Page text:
“It all went a bit back and forth […]. I think it could have been about two years, it was always up and down.“ (P10).

Some respondents also pointed out that they had presented to their GP with nonspecific symptoms years before the final diagnosis.

“I had the symptoms for years before, so definitely for ten years […]. Yes, I went to the physician once, but when they come to a physician in a rural area and cough […].“ (P11).

Access to specialists, specialist clinics, and medical support were stated as difficult or non-existent. Another problem presented in the interviews was the lack of expertise and experience of GPs, which could delay the diagnosis and complicate the treatment process.

“[…] I bring my general practitioner and my neurologist brochures which I get at the sarcoidosis meetings so that they can get a little informed. It was not a familiar disease to my general practitioner before.“ (P3).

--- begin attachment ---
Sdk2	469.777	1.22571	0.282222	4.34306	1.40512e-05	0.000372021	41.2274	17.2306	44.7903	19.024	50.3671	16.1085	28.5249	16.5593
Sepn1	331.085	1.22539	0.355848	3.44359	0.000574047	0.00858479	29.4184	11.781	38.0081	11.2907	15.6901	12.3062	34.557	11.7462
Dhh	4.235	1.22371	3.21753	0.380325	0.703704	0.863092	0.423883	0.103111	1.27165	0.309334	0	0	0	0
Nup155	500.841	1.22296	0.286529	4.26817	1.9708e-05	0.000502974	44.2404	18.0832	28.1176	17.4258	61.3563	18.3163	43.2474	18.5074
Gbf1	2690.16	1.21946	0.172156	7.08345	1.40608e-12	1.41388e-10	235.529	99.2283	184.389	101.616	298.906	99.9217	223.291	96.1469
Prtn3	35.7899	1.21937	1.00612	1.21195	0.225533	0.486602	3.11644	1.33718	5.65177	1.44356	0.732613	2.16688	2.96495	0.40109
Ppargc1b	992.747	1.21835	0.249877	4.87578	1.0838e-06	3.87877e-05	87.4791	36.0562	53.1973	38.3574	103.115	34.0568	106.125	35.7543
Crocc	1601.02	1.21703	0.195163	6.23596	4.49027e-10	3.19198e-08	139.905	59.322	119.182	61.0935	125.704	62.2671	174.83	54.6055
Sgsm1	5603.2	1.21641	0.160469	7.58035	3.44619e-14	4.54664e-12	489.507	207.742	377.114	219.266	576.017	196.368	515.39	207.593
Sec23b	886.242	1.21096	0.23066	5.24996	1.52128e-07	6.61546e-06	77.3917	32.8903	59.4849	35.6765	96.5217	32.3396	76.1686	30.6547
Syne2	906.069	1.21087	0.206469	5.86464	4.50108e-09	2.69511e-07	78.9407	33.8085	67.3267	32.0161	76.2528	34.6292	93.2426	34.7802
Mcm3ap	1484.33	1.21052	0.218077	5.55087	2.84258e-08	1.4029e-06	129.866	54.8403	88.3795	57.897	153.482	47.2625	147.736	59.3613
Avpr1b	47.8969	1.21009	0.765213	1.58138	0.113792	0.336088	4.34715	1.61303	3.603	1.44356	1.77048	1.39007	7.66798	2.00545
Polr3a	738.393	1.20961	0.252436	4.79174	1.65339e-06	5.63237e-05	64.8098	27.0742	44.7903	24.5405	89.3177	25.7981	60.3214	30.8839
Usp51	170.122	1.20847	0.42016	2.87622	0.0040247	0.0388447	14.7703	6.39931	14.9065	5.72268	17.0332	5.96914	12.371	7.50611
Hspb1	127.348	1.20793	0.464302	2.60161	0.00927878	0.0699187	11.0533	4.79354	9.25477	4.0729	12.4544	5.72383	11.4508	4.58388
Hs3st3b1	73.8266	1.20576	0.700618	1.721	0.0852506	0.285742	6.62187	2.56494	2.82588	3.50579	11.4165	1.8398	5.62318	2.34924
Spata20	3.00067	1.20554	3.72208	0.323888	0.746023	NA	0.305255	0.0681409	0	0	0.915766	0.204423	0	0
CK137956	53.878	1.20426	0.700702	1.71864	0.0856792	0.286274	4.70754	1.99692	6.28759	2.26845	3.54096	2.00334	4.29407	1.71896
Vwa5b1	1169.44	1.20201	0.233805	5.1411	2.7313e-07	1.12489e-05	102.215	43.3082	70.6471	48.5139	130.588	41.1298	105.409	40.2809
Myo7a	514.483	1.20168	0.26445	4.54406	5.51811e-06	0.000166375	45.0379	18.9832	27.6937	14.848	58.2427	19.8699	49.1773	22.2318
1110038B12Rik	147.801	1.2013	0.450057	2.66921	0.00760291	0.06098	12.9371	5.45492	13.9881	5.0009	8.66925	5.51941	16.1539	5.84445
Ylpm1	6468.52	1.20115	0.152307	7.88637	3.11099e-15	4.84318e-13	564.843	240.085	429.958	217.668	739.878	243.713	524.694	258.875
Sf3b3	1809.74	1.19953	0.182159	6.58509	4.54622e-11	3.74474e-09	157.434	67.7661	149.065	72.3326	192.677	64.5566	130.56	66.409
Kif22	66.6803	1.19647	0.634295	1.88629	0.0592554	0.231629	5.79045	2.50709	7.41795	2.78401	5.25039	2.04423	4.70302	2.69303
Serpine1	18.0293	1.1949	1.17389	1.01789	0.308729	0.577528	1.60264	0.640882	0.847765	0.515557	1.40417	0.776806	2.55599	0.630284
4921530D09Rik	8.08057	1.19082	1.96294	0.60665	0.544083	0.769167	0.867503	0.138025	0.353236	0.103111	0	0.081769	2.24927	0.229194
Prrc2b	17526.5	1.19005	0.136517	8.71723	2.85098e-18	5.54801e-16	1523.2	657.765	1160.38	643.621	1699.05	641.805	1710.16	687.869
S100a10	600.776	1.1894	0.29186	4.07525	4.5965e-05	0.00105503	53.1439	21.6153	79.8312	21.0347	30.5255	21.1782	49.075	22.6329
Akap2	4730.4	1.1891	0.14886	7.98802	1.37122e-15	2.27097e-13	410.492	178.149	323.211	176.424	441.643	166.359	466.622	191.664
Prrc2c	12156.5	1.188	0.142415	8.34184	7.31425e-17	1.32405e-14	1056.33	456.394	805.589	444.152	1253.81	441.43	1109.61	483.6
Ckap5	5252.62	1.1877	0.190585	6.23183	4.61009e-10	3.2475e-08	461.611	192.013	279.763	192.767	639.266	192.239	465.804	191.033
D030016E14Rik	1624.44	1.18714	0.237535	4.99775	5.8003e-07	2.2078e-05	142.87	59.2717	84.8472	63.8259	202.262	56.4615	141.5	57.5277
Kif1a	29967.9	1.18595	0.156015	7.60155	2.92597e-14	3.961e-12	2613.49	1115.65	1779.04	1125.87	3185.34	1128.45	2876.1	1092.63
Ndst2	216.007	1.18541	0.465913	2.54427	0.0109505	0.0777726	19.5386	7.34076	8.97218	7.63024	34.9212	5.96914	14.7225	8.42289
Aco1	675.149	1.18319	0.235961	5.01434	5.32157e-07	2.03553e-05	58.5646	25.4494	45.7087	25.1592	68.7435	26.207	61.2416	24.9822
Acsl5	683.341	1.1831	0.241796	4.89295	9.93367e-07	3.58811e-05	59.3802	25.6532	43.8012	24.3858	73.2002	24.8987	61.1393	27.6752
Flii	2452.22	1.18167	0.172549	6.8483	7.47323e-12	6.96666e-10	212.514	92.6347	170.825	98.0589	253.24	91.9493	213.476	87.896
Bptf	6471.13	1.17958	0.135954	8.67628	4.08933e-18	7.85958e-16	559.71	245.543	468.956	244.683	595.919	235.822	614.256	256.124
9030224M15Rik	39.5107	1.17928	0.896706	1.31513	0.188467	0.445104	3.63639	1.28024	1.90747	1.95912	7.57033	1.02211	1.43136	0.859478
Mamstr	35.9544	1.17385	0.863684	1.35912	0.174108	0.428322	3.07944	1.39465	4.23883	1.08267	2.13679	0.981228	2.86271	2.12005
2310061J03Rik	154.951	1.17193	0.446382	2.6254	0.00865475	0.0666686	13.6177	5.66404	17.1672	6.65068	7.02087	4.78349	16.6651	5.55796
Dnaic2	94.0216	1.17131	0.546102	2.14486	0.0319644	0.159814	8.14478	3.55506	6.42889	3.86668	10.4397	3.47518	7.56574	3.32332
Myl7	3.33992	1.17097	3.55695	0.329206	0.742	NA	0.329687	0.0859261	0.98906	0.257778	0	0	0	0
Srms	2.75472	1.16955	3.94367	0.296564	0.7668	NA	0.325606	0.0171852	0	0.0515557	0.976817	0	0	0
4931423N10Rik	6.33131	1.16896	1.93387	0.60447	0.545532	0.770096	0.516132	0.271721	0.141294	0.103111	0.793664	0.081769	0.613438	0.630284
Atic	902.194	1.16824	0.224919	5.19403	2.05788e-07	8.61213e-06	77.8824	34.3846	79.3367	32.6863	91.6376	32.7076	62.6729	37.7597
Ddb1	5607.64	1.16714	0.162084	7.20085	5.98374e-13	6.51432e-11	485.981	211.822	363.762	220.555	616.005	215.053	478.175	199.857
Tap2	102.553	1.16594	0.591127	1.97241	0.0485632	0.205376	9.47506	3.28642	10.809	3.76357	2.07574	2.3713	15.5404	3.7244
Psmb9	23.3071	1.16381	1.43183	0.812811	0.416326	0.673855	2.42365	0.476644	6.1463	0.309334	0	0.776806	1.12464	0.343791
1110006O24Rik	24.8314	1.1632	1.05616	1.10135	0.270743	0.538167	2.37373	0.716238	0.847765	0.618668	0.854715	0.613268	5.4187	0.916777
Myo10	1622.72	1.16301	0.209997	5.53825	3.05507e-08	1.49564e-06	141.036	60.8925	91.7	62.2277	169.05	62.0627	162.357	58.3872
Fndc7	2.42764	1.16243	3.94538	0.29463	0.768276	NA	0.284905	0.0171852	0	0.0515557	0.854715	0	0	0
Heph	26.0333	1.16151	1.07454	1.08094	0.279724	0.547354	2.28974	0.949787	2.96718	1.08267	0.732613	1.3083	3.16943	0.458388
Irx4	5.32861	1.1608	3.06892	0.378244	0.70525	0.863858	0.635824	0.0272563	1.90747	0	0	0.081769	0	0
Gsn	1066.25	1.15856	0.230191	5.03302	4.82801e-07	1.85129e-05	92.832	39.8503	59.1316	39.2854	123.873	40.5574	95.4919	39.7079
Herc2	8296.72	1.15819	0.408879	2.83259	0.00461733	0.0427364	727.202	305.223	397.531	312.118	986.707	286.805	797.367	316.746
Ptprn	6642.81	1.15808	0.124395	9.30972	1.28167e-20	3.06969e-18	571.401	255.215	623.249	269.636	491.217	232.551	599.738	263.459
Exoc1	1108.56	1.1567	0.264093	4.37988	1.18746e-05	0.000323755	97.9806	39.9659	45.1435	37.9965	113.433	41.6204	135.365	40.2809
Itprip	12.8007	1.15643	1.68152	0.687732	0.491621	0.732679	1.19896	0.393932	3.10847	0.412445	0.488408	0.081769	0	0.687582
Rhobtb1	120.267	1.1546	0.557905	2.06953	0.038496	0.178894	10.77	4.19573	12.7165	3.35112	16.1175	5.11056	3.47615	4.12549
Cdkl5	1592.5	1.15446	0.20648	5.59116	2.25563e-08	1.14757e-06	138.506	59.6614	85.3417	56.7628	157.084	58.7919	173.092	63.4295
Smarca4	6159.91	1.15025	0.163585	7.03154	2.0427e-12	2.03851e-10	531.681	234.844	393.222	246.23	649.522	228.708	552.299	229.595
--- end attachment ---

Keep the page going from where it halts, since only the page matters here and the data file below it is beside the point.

Some of the patients and relatives felt abandoned by their disease. They connected having no guarantee of a sufficient therapy with anxiety about the future.

“[…] I feel like I’m on my own. If you are lucky, you find someone who takes care of you and if not, you don’t.“ (P1).

Daily activities

Almost all respondents reported suffering from a decreased quality of life caused by their own illness or the illness of their relatives. In particular, fatigue and reduced capacity were perceived as restrictions.

“The biggest limitation is this accompanying rapid tiredness. The inability to cope with stress.“ (P2).

Depending on the organ involvement, different specific symptoms were described as impairing in everyday life. In the context of cutaneous sarcoidosis, stigmatization and associated social isolation were reported as burdening factors.

“When it was bad, people in the underground sat away because they thought I had something contagious.“ (P4).

Respondents reported a reduction in activity and a loss of mobility. Some patients’ daily lives were dominated by frequent medical consultations due to the decentralized nature of healthcare. Difficulties in planning daily life due to symptom fluctuations were stated in the interviews.